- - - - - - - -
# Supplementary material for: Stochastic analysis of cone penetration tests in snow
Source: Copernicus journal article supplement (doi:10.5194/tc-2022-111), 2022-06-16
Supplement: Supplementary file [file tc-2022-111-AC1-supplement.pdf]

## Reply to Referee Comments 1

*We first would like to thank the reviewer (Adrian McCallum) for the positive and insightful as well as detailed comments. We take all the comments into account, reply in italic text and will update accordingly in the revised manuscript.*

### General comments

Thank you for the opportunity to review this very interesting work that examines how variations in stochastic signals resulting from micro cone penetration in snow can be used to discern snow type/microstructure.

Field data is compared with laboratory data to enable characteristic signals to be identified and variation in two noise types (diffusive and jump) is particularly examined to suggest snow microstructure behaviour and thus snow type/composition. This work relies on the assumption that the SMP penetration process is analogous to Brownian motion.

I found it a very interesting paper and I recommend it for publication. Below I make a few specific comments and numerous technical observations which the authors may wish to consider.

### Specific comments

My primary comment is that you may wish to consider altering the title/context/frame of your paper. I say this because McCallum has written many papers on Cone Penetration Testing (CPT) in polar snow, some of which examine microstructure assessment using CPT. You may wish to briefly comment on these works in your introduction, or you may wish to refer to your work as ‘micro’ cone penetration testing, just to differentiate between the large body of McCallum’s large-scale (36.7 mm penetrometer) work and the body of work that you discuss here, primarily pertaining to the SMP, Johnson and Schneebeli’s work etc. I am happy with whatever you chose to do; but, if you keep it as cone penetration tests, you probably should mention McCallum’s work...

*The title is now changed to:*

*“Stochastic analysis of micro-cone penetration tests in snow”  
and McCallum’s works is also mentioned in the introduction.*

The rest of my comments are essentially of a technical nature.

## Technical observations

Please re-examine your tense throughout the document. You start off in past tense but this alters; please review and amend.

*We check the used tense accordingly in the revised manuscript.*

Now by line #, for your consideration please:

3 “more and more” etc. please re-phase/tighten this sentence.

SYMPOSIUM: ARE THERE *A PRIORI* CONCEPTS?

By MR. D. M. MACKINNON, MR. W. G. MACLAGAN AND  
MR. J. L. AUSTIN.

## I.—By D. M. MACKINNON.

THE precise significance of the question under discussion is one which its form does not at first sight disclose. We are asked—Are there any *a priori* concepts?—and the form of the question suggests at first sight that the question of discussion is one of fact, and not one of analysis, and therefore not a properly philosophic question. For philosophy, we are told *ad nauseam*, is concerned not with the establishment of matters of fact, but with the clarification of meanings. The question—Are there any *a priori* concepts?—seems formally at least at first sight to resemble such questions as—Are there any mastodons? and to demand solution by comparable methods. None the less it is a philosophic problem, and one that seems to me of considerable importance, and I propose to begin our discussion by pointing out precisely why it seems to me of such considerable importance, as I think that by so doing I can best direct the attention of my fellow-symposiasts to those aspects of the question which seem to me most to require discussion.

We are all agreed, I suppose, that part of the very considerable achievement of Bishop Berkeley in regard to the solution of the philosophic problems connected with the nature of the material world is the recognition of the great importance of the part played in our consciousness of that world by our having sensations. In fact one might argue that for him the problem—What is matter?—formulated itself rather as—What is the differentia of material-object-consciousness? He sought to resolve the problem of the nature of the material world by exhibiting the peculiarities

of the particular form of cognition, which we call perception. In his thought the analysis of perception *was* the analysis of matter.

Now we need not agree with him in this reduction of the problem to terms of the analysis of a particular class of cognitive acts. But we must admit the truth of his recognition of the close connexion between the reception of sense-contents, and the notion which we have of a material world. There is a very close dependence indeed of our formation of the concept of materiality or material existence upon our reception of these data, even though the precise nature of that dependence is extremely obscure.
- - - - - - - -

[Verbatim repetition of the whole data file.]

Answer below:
# Supplementary material for: Stochastic analysis of cone penetration tests in snow
Source: Copernicus journal article supplement (doi:10.5194/tc-2022-111), 2022-06-16
Supplement: Supplementary file [file tc-2022-111-AC1-supplement.pdf]

## Reply to Referee Comments 1

*We first would like to thank the reviewer (Adrian McCallum) for the positive and insightful as well as detailed comments. We take all the comments into account, reply in italic text and will update accordingly in the revised manuscript.*

### General comments

Thank you for the opportunity to review this very interesting work that examines how variations in stochastic signals resulting from micro cone penetration in snow can be used to discern snow type/microstructure.

Field data is compared with laboratory data to enable characteristic signals to be identified and variation in two noise types (diffusive and jump) is particularly examined to suggest snow microstructure behaviour and thus snow type/composition. This work relies on the assumption that the SMP penetration process is analogous to Brownian motion.

I found it a very interesting paper and I recommend it for publication. Below I make a few specific comments and numerous technical observations which the authors may wish to consider.

### Specific comments

My primary comment is that you may wish to consider altering the title/context/frame of your paper. I say this because McCallum has written many papers on Cone Penetration Testing (CPT) in polar snow, some of which examine microstructure assessment using CPT. You may wish to briefly comment on these works in your introduction, or you may wish to refer to your work as ‘micro’ cone penetration testing, just to differentiate between the large body of McCallum’s large-scale (36.7 mm penetrometer) work and the body of work that you discuss here, primarily pertaining to the SMP, Johnson and Schneebeli’s work etc. I am happy with whatever you chose to do; but, if you keep it as cone penetration tests, you probably should mention McCallum’s work...

*The title is now changed to:*

*“Stochastic analysis of micro-cone penetration tests in snow”  
and McCallum’s works is also mentioned in the introduction.*

The rest of my comments are essentially of a technical nature.

## Technical observations

Please re-examine your tense throughout the document. You start off in past tense but this alters; please review and amend.

*We check the used tense accordingly in the revised manuscript.*

Now by line #, for your consideration please:

3 “more and more” etc. please re-phase/tighten this sentence.

SYMPOSIUM: ARE THERE *A PRIORI* CONCEPTS?

By MR. D. M. MACKINNON, MR. W. G. MACLAGAN AND  
MR. J. L. AUSTIN.

## I.—By D. M. MACKINNON.

THE precise significance of the question under discussion is one which its form does not at first sight disclose. We are asked—Are there any *a priori* concepts?—and the form of the question suggests at first sight that the question of discussion is one of fact, and not one of analysis, and therefore not a properly philosophic question. For philosophy, we are told *ad nauseam*, is concerned not with the establishment of matters of fact, but with the clarification of meanings. The question—Are there any *a priori* concepts?—seems formally at least at first sight to resemble such questions as—Are there any mastodons? and to demand solution by comparable methods. None the less it is a philosophic problem, and one that seems to me of considerable importance, and I propose to begin our discussion by pointing out precisely why it seems to me of such considerable importance, as I think that by so doing I can best direct the attention of my fellow-symposiasts to those aspects of the question which seem to me most to require discussion.

We are all agreed, I suppose, that part of the very considerable achievement of Bishop Berkeley in regard to the solution of the philosophic problems connected with the nature of the material world is the recognition of the great importance of the part played in our consciousness of that world by our having sensations. In fact one might argue that for him the problem—What is matter?—formulated itself rather as—What is the differentia of material-object-consciousness? He sought to resolve the problem of the nature of the material world by exhibiting the peculiarities

of the particular form of cognition, which we call perception. In his thought the analysis of perception *was* the analysis of matter.

Now we need not agree with him in this reduction of the problem to terms of the analysis of a particular class of cognitive acts. But we must admit the truth of his recognition of the close connexion between the reception of sense-contents, and the notion which we have of a material world. There is a very close dependence indeed of our formation of the concept of materiality or material existence upon our reception of these data, even though the precise nature of that dependence is extremely obscure.